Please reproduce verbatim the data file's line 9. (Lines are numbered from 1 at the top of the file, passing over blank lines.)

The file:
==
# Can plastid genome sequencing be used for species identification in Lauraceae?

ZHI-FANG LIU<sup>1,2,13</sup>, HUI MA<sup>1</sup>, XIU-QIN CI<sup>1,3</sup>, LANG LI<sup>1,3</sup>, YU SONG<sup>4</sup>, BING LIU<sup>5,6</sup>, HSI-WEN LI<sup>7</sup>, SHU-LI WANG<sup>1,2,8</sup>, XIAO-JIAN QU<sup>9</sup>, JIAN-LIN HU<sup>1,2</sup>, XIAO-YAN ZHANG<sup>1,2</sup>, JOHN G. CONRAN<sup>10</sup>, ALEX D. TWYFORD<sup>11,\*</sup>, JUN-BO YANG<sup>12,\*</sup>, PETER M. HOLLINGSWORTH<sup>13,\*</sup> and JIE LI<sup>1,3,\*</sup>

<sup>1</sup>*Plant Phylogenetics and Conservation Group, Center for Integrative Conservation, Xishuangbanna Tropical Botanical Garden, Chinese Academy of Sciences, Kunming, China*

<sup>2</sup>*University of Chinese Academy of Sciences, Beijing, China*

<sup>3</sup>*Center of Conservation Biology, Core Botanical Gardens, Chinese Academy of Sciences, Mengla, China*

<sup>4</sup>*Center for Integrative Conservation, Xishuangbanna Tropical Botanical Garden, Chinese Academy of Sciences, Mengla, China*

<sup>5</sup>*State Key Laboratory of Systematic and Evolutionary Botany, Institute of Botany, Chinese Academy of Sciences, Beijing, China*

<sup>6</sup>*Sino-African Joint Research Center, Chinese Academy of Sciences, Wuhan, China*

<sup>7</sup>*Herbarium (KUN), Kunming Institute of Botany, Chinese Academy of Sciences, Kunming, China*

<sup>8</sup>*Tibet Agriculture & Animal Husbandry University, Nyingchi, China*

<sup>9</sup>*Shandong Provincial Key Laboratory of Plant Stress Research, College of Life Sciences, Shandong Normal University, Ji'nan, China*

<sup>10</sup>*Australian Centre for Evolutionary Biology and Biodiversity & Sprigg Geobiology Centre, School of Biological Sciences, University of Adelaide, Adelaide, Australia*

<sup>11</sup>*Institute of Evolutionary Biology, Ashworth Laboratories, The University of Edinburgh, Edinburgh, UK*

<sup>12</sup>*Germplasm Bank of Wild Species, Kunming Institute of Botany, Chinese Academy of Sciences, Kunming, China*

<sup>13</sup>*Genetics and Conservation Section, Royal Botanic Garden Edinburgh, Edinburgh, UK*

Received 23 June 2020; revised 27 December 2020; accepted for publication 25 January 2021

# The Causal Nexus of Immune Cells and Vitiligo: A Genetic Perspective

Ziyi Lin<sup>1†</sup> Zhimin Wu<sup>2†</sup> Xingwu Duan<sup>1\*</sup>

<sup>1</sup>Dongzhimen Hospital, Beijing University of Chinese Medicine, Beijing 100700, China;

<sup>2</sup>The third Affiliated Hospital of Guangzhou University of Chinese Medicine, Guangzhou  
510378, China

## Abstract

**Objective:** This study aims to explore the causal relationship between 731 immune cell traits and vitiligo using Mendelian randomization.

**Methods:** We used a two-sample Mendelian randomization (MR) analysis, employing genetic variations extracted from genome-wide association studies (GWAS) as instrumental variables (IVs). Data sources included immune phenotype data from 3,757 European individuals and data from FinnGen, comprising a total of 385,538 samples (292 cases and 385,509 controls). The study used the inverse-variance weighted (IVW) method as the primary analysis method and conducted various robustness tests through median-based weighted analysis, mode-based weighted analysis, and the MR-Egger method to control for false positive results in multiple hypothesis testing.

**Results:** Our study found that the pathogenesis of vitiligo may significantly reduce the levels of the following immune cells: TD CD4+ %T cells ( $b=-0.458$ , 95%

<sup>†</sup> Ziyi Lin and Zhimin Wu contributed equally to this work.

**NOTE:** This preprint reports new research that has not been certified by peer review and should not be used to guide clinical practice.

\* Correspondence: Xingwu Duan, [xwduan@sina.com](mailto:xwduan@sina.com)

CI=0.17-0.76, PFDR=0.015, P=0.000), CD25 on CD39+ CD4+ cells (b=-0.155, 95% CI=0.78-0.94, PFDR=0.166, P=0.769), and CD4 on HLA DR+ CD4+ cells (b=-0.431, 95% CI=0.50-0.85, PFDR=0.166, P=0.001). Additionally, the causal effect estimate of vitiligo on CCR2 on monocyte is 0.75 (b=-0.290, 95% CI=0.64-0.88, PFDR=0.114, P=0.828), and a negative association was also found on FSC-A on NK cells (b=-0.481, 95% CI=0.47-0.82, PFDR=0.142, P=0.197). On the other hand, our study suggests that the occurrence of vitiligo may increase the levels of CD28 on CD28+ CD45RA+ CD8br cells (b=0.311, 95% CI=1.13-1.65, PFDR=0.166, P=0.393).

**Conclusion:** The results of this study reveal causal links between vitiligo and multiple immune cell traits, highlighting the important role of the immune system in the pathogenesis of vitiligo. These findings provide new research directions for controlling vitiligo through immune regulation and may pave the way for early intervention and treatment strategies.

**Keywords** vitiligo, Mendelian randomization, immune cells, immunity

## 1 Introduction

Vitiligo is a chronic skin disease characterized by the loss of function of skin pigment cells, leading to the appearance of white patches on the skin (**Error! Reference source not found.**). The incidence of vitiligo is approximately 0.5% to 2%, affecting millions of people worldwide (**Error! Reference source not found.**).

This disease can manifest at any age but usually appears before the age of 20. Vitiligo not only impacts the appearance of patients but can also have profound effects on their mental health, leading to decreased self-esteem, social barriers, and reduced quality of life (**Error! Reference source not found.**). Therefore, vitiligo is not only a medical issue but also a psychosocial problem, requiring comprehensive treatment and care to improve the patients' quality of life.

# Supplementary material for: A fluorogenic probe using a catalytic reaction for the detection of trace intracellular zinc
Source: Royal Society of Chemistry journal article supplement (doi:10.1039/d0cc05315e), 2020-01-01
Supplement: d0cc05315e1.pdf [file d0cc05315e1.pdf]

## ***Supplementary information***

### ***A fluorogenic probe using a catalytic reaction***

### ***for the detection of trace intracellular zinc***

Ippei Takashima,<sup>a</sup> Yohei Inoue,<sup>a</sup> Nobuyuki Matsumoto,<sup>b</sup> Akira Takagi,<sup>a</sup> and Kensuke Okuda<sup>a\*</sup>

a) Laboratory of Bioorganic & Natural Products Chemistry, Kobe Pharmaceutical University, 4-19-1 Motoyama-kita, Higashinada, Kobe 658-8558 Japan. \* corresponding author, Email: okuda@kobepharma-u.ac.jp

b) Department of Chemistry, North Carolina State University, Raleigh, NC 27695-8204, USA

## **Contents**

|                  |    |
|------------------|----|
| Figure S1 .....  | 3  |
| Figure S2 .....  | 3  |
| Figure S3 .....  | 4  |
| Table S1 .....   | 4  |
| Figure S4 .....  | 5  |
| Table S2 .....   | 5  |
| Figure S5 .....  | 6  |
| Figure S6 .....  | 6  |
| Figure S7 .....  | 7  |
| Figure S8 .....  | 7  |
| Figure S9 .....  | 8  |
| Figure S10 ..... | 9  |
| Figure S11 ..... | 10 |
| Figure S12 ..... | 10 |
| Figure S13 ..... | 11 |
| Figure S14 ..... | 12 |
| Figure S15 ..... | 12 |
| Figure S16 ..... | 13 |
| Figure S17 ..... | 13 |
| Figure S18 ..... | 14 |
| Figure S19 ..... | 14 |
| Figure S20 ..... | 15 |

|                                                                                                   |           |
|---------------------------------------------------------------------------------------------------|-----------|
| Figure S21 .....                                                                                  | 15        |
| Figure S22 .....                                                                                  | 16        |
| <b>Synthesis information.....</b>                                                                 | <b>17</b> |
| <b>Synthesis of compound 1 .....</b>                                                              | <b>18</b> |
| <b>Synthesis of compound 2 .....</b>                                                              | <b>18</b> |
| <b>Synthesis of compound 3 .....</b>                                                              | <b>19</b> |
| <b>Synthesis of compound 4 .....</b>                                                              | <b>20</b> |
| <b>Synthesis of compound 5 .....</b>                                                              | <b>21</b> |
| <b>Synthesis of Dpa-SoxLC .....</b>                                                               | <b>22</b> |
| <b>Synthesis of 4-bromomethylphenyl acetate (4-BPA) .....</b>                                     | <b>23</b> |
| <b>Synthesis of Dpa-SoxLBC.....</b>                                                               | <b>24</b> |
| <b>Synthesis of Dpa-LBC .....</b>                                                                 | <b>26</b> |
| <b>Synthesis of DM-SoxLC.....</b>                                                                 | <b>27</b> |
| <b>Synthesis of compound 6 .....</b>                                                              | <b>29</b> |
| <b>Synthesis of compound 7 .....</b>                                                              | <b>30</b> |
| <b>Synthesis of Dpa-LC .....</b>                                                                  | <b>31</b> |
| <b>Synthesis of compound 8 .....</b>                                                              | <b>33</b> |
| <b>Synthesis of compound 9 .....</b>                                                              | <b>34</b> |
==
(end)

<sup>7</sup>*Herbarium (KUN), Kunming Institute of Botany, Chinese Academy of Sciences, Kunming, China*